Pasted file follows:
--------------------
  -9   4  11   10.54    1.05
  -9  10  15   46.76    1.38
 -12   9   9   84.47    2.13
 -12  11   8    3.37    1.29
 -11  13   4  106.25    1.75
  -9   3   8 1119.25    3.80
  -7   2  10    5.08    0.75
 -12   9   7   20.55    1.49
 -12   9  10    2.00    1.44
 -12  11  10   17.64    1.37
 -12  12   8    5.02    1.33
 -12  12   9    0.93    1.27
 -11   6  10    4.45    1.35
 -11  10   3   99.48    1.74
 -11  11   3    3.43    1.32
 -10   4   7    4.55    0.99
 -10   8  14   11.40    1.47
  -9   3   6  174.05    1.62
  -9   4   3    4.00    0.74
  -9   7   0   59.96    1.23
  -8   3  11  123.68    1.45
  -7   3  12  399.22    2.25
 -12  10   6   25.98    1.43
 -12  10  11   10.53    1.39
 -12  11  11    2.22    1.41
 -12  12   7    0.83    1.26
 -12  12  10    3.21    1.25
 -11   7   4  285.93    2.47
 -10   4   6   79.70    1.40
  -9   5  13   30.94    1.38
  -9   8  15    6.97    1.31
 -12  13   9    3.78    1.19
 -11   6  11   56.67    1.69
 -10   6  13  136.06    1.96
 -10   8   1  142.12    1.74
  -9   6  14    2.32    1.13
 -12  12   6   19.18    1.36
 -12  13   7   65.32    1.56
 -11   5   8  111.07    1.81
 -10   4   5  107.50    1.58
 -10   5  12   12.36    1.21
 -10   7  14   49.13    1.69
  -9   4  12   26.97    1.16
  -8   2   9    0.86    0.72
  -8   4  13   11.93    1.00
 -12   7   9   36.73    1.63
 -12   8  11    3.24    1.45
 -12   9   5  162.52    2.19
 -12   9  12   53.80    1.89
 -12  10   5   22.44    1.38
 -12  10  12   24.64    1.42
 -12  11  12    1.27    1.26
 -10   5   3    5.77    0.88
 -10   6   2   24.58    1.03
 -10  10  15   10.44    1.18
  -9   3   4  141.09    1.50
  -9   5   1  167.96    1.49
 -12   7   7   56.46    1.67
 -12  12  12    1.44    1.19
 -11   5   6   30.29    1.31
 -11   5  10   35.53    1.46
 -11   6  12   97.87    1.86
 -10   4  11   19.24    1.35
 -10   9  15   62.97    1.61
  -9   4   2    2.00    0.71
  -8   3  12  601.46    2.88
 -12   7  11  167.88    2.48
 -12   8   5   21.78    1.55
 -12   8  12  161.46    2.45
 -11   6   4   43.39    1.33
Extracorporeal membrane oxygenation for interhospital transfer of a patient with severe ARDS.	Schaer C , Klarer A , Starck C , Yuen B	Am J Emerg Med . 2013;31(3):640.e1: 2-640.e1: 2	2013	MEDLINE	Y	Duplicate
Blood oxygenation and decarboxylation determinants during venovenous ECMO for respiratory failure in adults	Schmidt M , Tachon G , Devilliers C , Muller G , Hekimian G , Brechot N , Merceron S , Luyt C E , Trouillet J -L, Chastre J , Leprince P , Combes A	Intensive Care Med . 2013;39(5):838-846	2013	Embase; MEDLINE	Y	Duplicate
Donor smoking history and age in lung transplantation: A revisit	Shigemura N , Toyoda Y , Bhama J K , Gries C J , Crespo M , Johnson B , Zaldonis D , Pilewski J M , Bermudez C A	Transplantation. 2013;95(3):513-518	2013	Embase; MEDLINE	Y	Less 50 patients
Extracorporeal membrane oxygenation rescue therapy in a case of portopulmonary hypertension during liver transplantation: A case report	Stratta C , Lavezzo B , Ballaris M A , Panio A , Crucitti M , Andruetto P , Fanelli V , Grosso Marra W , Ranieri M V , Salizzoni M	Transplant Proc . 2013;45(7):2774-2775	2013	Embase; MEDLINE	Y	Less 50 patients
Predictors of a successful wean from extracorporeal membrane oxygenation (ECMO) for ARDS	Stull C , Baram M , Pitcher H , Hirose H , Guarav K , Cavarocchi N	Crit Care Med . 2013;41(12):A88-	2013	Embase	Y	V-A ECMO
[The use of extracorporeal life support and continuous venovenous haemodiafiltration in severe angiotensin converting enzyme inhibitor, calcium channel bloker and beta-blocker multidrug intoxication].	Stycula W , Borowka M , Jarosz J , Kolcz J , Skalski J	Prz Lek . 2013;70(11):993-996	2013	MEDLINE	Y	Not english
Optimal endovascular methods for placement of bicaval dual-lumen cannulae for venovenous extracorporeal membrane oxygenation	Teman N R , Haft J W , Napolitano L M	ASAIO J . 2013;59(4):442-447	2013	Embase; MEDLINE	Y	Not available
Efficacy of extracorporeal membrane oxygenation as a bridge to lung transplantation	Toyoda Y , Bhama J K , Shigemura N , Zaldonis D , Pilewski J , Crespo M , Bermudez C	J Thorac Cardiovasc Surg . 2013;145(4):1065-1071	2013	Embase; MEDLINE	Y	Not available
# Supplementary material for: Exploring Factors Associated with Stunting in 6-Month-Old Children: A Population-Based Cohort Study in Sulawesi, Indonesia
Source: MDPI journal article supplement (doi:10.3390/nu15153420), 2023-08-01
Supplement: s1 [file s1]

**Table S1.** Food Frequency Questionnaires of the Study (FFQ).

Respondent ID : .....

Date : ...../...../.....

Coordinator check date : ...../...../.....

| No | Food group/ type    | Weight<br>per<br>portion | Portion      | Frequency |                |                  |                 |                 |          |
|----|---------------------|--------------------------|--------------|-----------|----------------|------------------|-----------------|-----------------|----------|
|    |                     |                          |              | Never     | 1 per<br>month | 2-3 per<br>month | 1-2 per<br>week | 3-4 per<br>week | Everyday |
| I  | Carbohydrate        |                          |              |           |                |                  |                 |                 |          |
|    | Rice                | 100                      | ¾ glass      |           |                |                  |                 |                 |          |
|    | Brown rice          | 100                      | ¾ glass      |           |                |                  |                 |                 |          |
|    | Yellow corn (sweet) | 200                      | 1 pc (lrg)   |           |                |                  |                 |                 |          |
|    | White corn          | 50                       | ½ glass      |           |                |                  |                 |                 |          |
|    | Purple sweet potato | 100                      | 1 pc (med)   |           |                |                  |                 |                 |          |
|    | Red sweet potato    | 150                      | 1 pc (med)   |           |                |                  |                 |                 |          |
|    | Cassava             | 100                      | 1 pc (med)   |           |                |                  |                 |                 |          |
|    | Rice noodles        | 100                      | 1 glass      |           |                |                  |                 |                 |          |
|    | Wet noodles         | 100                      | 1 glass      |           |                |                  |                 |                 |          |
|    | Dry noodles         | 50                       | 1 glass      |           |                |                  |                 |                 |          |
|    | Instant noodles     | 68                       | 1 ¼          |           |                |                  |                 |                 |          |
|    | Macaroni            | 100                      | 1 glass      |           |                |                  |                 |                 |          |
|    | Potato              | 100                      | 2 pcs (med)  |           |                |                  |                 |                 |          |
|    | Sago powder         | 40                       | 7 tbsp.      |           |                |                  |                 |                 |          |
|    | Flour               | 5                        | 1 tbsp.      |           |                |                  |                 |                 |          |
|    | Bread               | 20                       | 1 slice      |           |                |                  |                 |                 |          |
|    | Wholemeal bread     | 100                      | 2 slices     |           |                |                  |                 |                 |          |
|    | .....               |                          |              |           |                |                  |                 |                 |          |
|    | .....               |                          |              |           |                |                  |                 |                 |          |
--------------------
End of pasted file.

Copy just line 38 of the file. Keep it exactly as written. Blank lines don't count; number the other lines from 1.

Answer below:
 -12  13   7   65.32    1.56